Wednesday, March 10, 2010

March Studio Tip

This month's studio tip has to do with cleaning your brushes - those used for oil painting. I would not recommend this for watercolor brushes.

If you paint in oils you know one of the worst end-of-day jobs is cleaning your brushes. I read about this tip on another blog - I wish I could remember which one, now, so I could give credit. But it works, I've been using it for several months now quite successfully.

Take a bar of natural handmade soap or Ivory soap and put it in an old mason jar. Fill with just enough water to come half way up on the bar of soap. As the soap softens it turns into a gross looking goo but it still works. After a cursory cleaning in oderless mineral spirits I put the brushes into this soap and water mixture. I've - gasp - even left them soaking for several days. I won't admit to anything over a week here. I might scrub the bristles over the soap a bit and then rinse in running water and - presto. They are clean and even those with dried in gunk come out in much better shape. I think it might have something to do with the lanolin that is still in handmade or natural soaps and removed by chemicals in the commercial soaps. The lanolin conditions the bristles - at least that's my theory. Anyway, it works better than anything I've tried to date, is cheaper than most commercial products, and uses up all those hundreds of bars of homemade soap I've received as gifts over the years.

Hey, not that I don't love those soaps or the fact that you thoughtfully gave me a gift...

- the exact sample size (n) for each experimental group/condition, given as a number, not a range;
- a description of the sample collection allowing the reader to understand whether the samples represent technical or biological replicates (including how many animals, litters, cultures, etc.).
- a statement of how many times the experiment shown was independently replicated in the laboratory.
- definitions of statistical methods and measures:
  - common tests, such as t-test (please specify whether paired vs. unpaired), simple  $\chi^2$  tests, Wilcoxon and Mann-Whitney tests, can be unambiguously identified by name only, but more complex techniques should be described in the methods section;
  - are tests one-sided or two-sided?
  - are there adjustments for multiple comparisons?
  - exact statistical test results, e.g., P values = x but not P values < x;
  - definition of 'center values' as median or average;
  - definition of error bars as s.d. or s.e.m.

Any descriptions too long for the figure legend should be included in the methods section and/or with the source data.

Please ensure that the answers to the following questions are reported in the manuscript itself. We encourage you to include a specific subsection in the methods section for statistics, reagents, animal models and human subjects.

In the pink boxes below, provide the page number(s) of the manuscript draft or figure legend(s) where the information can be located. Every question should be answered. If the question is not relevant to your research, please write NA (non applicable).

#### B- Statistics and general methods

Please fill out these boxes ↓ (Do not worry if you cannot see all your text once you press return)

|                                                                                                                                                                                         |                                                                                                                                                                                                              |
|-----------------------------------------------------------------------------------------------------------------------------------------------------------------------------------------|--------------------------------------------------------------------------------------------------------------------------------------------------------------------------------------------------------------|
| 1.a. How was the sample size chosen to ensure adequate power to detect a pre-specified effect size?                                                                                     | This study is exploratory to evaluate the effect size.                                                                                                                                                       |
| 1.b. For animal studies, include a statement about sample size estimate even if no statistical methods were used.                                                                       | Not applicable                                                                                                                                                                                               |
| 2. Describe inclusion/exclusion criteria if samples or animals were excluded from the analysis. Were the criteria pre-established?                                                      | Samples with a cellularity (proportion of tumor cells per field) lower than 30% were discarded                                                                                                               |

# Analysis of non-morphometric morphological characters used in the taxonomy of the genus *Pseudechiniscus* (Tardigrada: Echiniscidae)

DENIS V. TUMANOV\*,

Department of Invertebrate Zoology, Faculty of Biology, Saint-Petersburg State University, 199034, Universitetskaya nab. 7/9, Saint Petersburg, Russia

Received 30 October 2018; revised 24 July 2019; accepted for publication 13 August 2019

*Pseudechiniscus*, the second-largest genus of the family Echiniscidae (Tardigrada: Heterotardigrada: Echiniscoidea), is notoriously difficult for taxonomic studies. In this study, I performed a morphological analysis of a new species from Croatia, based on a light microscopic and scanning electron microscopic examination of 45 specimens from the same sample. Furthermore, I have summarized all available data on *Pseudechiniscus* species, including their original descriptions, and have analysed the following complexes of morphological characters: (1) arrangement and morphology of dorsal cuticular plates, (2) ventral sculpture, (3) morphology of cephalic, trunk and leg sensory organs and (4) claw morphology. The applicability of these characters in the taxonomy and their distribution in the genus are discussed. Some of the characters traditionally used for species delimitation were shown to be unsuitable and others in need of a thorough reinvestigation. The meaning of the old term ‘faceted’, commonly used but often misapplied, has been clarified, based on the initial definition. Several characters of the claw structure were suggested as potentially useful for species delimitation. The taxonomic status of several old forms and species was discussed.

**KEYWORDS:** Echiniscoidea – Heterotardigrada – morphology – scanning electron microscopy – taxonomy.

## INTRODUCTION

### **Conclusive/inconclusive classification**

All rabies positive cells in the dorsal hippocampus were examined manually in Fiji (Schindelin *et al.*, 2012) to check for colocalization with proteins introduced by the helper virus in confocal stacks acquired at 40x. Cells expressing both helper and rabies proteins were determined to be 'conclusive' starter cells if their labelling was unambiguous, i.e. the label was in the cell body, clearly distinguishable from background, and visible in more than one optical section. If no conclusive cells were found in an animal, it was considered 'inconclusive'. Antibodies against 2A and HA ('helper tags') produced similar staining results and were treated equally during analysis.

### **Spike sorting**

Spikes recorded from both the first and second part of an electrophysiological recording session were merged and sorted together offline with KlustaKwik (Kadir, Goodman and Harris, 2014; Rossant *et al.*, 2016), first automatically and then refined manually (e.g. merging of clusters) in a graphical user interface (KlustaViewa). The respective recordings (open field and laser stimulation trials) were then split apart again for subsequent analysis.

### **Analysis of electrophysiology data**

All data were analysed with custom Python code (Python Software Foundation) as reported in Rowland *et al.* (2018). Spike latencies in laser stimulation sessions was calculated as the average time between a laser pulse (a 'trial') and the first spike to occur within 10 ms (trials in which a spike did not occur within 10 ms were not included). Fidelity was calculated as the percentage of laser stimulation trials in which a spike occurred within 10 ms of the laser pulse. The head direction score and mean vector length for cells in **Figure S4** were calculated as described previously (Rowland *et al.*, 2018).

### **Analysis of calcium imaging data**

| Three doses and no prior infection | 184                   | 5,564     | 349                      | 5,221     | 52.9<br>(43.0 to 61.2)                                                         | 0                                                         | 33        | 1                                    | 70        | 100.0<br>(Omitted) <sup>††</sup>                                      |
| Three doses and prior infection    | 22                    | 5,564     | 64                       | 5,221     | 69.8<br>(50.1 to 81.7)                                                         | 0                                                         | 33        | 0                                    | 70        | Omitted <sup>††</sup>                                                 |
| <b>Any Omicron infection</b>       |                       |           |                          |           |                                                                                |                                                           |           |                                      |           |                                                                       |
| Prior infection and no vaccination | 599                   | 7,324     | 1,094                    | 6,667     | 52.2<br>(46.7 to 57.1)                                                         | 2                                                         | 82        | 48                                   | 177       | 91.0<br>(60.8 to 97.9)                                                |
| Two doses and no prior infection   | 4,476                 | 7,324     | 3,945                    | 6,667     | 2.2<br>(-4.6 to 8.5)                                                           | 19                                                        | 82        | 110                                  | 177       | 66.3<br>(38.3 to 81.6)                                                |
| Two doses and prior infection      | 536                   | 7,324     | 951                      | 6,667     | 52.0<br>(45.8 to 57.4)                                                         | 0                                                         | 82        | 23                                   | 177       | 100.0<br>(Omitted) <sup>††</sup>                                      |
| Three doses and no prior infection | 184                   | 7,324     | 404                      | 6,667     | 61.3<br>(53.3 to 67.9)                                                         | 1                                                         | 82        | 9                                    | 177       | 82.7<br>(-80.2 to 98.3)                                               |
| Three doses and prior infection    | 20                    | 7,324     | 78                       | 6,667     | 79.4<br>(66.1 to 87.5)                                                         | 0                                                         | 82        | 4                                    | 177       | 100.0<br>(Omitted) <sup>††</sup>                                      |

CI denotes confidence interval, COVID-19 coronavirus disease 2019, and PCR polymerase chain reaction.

Monday, February 15, 2010

Fixing the Wobbly Easel Problem

If you have one of these A-Frame studio easels you are also probably familiar with the tendency for the easel tray/support to wobble when you are painting. For years I tried all kinds of fixes, putting in way too much thought and creativity into something that continued to frustrate me. And then came an idea so easy a caveman could have thought of it: I used wood shims. Now it's easy to adjust my height and get a stable work support each time. Duh...

Sunday, January 10, 2010

Studio Tip for the New Year - New Palette

For years I had been working on a 12 x 16 glass palette. It fit nicely in my work area and I had an old cookie sheet that I inverted over the wet paint to retard drying. Then I discovered a large piece of glass packed in with some old sketches and decided - why not? It's 18 x 28 (probably came from an old watercolor). I cut a piece of medium gray mat board to size and taped the glass and mat together with painter's tape. I could not believe the difference this made. I was so afraid it was too large and I would hate it - but quite the opposite.